The McKnight Art Center is the home of Wichita State University’s College of Fine Arts. Charles F. McAfee designed two of the three buildings in the McKnight Art Center complex, which illustrate the stylistic trends of the mid-1970s. The earliest of the three buildings was erected in 1964. This small, two-story structure provided only a temporary solution to the college’s needs. It did, however, claim an important site on campus, marking the terminus of the formal boulevard at the campus’s southern entry. Planning was soon underway for a major expansion that would house a public museum, administrative spaces, classrooms, studios, and faculty offices to accommodate programs in art education, art history, graphic design, studio art, and an interdisciplinary master of fine arts curriculum.
Although well located, the site for this expansion was problematic because it was bisected by a through-campus roadway. McAfee, who had developed a reputation for designing buildings that were both ingeniously planned and handsomely ordered, was up to the challenge. He divided the program into two parts. The first was a structure that housed the Edwin A. Ulrich Museum and administrative spaces, located in front of the existing building (thereby concealing it), and creating a grand statement at the entry point of the campus. The facade of the two-story building featured a massive tile mural designed by the Spanish artist Joan Miró. The interior of the building is both ceremonial and flexible enough to accommodate changing exhibits.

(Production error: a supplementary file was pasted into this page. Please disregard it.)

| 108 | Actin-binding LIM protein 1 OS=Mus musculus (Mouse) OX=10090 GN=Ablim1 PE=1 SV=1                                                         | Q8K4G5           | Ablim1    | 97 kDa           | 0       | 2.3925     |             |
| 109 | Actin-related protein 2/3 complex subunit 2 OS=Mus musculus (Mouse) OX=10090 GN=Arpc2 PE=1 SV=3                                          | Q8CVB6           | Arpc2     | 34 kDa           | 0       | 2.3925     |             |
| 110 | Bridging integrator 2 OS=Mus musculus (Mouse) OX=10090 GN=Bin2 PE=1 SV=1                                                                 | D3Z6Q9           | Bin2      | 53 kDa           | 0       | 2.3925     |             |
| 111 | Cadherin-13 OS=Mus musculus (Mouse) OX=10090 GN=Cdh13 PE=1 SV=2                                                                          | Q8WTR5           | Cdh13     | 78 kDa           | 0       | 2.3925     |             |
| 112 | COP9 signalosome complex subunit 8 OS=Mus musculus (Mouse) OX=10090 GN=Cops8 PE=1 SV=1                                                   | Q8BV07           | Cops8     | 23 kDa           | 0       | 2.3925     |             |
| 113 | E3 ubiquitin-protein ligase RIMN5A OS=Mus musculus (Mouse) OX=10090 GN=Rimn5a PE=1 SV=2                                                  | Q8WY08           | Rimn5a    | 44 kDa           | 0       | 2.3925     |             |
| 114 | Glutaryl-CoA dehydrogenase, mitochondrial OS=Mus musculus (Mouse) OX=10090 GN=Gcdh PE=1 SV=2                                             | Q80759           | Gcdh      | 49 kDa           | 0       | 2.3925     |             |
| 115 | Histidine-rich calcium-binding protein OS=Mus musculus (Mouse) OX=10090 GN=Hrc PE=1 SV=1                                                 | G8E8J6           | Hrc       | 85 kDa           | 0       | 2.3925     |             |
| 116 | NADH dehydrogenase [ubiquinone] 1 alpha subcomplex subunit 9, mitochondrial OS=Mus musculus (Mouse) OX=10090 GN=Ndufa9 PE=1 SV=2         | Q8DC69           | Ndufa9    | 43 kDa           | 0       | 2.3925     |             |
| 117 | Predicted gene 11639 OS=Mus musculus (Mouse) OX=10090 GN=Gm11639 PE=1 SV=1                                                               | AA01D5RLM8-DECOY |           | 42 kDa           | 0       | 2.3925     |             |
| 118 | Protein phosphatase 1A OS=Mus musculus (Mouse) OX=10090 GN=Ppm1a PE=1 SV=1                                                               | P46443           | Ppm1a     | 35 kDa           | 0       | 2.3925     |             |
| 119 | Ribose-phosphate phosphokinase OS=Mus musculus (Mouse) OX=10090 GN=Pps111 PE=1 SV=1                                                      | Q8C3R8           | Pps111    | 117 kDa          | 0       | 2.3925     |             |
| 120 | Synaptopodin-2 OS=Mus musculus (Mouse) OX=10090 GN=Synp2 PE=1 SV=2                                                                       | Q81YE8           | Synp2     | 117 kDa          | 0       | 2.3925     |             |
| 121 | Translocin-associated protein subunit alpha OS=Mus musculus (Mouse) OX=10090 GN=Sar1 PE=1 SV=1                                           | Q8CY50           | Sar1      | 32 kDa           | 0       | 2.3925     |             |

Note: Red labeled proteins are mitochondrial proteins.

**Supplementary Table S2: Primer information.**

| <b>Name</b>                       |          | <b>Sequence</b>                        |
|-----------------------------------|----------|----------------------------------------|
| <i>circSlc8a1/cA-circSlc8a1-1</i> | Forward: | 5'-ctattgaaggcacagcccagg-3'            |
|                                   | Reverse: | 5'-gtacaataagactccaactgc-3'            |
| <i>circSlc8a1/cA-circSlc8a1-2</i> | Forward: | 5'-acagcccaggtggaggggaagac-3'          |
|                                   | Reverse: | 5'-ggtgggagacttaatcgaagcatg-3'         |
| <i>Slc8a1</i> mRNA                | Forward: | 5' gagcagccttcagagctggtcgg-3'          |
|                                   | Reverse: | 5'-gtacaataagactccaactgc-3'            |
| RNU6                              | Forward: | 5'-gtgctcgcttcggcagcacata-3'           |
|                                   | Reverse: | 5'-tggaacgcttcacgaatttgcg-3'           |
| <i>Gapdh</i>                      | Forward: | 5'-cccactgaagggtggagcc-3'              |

The remainder of McAfee’s program was located to the west of the museum. The building is centered on a four-story, sky-lit atrium that encourages interaction among students from the various programs in the college. It houses studios, classrooms, and spaces for the display of student work. The interior of the building is made to stand up to heavy use. The exposed, board-formed concrete structure provides a sense of sturdy purpose to the spaces. Vertical fins between recessed clerestory windows shade windows in the upper level studios.
The buildings are connected by glazed bridges at two levels, introducing diagonal accents into the largely orthogonal structures, which are sheathed in dark brown brick. The McKnight Art Center is notable for the clarity of its geometry, and its simple and straightforward detailing. It is a strong and quiet complex, reminiscent of the contemporary work of Caudill Rowlett Scott of Houston and Mitchell/Giurgola Architects of New York. The project won design awards from the American Institute of Architecture at both the state and regional level.
“Sunsets at McKnight.” News Report. Progressive Architecture56 (September 1975): 36, 39-40.